When a real estate dispute erupts between a housing authority and a tenant, the results may not be in favor of allowing a tenant to stay. In some cases, this might violate a tenant's rights, in which case a tenant might want to appeal. That's what's happening in this case, which has caught the media's attention.
Many New Yorkers are housed in units that are either rent-controlled or rent-stabilized, and while the two terms are similar forms of rent regulation, they are not synonymous.
When a tenant signs a lease, the landlord then has a contractual obligation to allow the person to live in the property. Even though the landlord owns the property, the tenant cannot simply be thrown out without cause. However, there are legal reasons that tenants can be evicted.
Once the terms of a commercial lease have been finalized after hours of careful negotiation and the necessary signatures are appended to the document, both property owners and tenants often breathe a sigh of relief, confident that the matter is effectively resolved and eager to turn their attention to other pressing matters.
In a city like New York that is so rife with people who are renting a place to live, it is unavoidable that there will be disagreements between landlords and tenants. In some instances, they have to do with non-payment rent proceedings or nuisance and lease violation cases. There could be numerous reasons why there are lease disputes. Each side, the tenants and the owners, must have a full understanding of their rights under the law and legal assistance to come to a satisfactory resolution.
Disputes between landlords and tenants are unavoidable in New York. Given the large number of people who live in apartments or who are renting from another person in a private house, such issues as lease disputes, holdover actions, non-payment rent proceedings and nuisance and lease violations can crop up and lead to complicated disagreements from the perspective of both the tenant and the landlord. Having a grasp on how city laws can help to avoid these issues or protect those who believe the laws have been violated. Of course, if there is a problem or a legal violation, litigation is always an option.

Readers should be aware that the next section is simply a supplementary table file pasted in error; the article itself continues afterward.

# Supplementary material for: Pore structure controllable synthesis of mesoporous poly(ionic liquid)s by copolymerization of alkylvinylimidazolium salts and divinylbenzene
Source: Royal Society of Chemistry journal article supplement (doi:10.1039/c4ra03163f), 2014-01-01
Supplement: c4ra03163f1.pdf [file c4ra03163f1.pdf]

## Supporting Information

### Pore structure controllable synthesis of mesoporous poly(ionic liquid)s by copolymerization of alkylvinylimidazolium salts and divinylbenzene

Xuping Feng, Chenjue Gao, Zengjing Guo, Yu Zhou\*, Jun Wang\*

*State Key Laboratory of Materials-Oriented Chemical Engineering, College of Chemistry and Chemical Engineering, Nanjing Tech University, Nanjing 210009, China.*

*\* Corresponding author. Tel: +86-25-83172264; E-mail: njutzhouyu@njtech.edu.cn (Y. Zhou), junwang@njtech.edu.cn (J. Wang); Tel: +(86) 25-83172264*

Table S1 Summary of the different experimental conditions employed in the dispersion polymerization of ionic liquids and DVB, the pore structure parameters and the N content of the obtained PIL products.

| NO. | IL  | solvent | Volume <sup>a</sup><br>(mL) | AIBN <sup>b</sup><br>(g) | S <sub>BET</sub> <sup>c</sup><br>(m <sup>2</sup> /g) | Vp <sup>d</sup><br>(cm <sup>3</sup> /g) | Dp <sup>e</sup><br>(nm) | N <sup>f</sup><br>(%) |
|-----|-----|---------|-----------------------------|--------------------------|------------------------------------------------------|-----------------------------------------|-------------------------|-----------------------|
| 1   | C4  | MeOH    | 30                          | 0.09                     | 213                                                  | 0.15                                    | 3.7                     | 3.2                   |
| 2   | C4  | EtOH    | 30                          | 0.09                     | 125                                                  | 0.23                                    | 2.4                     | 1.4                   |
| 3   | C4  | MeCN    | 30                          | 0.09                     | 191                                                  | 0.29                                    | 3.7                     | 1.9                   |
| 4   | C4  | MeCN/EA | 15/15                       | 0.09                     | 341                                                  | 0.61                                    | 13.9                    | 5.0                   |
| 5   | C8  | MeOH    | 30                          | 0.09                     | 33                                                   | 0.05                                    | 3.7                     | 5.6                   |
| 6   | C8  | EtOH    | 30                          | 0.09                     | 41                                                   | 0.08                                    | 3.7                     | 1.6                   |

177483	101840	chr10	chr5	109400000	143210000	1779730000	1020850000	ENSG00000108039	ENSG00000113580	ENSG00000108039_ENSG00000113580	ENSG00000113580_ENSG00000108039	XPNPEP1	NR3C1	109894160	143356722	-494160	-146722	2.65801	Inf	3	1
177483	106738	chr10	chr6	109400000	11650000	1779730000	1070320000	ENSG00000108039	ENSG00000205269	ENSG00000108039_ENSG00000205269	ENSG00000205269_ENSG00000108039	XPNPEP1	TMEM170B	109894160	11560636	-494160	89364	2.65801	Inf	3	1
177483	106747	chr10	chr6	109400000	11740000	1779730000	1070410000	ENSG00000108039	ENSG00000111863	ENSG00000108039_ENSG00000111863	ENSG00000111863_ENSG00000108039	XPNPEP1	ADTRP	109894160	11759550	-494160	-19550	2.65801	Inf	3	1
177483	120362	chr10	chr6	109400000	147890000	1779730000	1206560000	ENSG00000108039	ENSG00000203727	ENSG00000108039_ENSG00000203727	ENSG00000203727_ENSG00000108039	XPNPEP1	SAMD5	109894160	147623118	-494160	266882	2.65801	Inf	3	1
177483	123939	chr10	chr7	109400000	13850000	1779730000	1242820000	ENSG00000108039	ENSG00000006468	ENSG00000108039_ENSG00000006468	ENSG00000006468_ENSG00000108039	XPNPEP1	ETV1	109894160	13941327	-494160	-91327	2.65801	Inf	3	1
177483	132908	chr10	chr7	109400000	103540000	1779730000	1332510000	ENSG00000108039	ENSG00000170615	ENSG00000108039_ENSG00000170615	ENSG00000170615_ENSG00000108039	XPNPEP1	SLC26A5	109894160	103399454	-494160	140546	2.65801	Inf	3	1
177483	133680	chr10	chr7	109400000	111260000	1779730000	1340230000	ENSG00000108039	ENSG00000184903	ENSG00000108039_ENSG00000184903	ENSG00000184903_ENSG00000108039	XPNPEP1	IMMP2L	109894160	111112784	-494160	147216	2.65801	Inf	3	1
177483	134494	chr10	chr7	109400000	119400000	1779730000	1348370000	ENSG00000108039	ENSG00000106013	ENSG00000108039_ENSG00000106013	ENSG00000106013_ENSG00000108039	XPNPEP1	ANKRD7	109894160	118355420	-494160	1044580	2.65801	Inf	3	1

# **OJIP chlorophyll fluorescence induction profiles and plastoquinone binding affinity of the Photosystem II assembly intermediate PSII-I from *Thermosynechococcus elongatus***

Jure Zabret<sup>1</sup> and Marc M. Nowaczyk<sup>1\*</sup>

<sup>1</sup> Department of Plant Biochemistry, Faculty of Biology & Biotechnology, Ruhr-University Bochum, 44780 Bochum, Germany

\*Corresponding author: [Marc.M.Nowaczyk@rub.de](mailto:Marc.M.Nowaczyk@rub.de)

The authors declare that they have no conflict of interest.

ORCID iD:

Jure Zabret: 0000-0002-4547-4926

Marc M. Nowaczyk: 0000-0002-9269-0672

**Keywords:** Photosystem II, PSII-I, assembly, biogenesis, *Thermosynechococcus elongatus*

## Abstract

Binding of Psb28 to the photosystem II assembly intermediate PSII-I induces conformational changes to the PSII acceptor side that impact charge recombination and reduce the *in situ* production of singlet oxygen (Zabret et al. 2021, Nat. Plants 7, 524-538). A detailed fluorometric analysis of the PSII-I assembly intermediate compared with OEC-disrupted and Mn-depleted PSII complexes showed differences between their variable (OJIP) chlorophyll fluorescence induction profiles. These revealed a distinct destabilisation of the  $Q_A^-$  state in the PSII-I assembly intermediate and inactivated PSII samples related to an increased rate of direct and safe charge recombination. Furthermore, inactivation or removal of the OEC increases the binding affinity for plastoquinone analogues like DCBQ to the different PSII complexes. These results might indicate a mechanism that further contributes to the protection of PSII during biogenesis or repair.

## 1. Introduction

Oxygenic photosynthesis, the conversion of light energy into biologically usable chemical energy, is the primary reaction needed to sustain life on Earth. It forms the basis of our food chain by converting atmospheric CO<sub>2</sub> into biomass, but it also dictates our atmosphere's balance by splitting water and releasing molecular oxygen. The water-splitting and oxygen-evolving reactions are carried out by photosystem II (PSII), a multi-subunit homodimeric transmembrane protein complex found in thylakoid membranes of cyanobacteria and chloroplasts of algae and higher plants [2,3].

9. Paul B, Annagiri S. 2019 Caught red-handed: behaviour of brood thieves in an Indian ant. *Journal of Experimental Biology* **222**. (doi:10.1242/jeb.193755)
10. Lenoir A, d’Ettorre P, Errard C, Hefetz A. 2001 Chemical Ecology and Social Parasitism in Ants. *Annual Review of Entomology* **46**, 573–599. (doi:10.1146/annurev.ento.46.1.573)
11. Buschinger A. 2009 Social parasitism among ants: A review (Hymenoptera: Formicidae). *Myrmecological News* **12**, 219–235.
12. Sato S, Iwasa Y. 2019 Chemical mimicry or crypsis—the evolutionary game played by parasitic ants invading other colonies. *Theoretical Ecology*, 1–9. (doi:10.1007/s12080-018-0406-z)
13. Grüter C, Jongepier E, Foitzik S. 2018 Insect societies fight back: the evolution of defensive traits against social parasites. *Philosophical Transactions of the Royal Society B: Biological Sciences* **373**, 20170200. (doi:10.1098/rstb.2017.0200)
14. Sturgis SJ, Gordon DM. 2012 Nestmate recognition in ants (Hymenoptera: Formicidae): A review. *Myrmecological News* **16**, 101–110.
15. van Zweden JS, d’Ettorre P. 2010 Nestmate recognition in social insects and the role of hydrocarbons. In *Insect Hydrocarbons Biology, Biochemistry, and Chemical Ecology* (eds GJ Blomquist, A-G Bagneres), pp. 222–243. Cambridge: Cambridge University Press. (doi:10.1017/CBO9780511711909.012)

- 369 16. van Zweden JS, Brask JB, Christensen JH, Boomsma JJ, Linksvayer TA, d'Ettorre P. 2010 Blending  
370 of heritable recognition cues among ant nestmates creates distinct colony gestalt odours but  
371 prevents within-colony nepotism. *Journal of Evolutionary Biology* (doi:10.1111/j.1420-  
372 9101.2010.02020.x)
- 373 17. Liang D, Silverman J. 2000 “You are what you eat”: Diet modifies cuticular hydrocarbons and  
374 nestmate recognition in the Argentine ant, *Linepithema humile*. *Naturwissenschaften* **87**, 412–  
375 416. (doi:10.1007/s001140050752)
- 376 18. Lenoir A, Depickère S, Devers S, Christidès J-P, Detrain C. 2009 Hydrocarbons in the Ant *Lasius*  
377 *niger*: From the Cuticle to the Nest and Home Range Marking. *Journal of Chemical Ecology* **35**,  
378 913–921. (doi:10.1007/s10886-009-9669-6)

When New York real estate developers acquire land for a project, they often need to demolish any existing buildings on the site before commencing construction. If the old structures include apartment buildings, they need to find a way to move tenants out of their homes. If the apartments are subject to New York's rent regulation laws, this often means negotiating a buyout with the tenant. And in recent years some of these buyouts have soared to tens of millions of dollars.
Landlords in New York have the ability to consult a "blacklist" of tenants who have taken disputes to housing court. Actually, there are multiple lists maintained by different companies. Tenants who are named in holdover actions or non-payment rent proceedings may later find out their names have been added to one or more lists. Landlords often reject prospective tenants whose names are on a list.
Owners of residential buildings in New York City understand the importance of a well-drafted lease. The lease is the foundation of the relationship between landlord and tenant. It is a legally binding contract that will likely be consulted by both sides in the event of a dispute between the parties. And in New York, more so than many other cities, it must comply with a myriad of state and local laws. A well-drafted lease agreement can help a landlord avoid expensive lease disputes with tenants.
In New York City, a large number of people own real estate and have tenants in residential structures. While in many cases this goes smoothly and without any lasting problems, it's unavoidable that lease disputes, problems with tenants or landlords and other issues will arise. One issue that frequently comes up involves holdover actions. With holdover actions, the goal is to evict the resident who is not a tenant and it is not due to the failure to pay rent. In order to move forward with holdover actions, there must be predicate notices in place.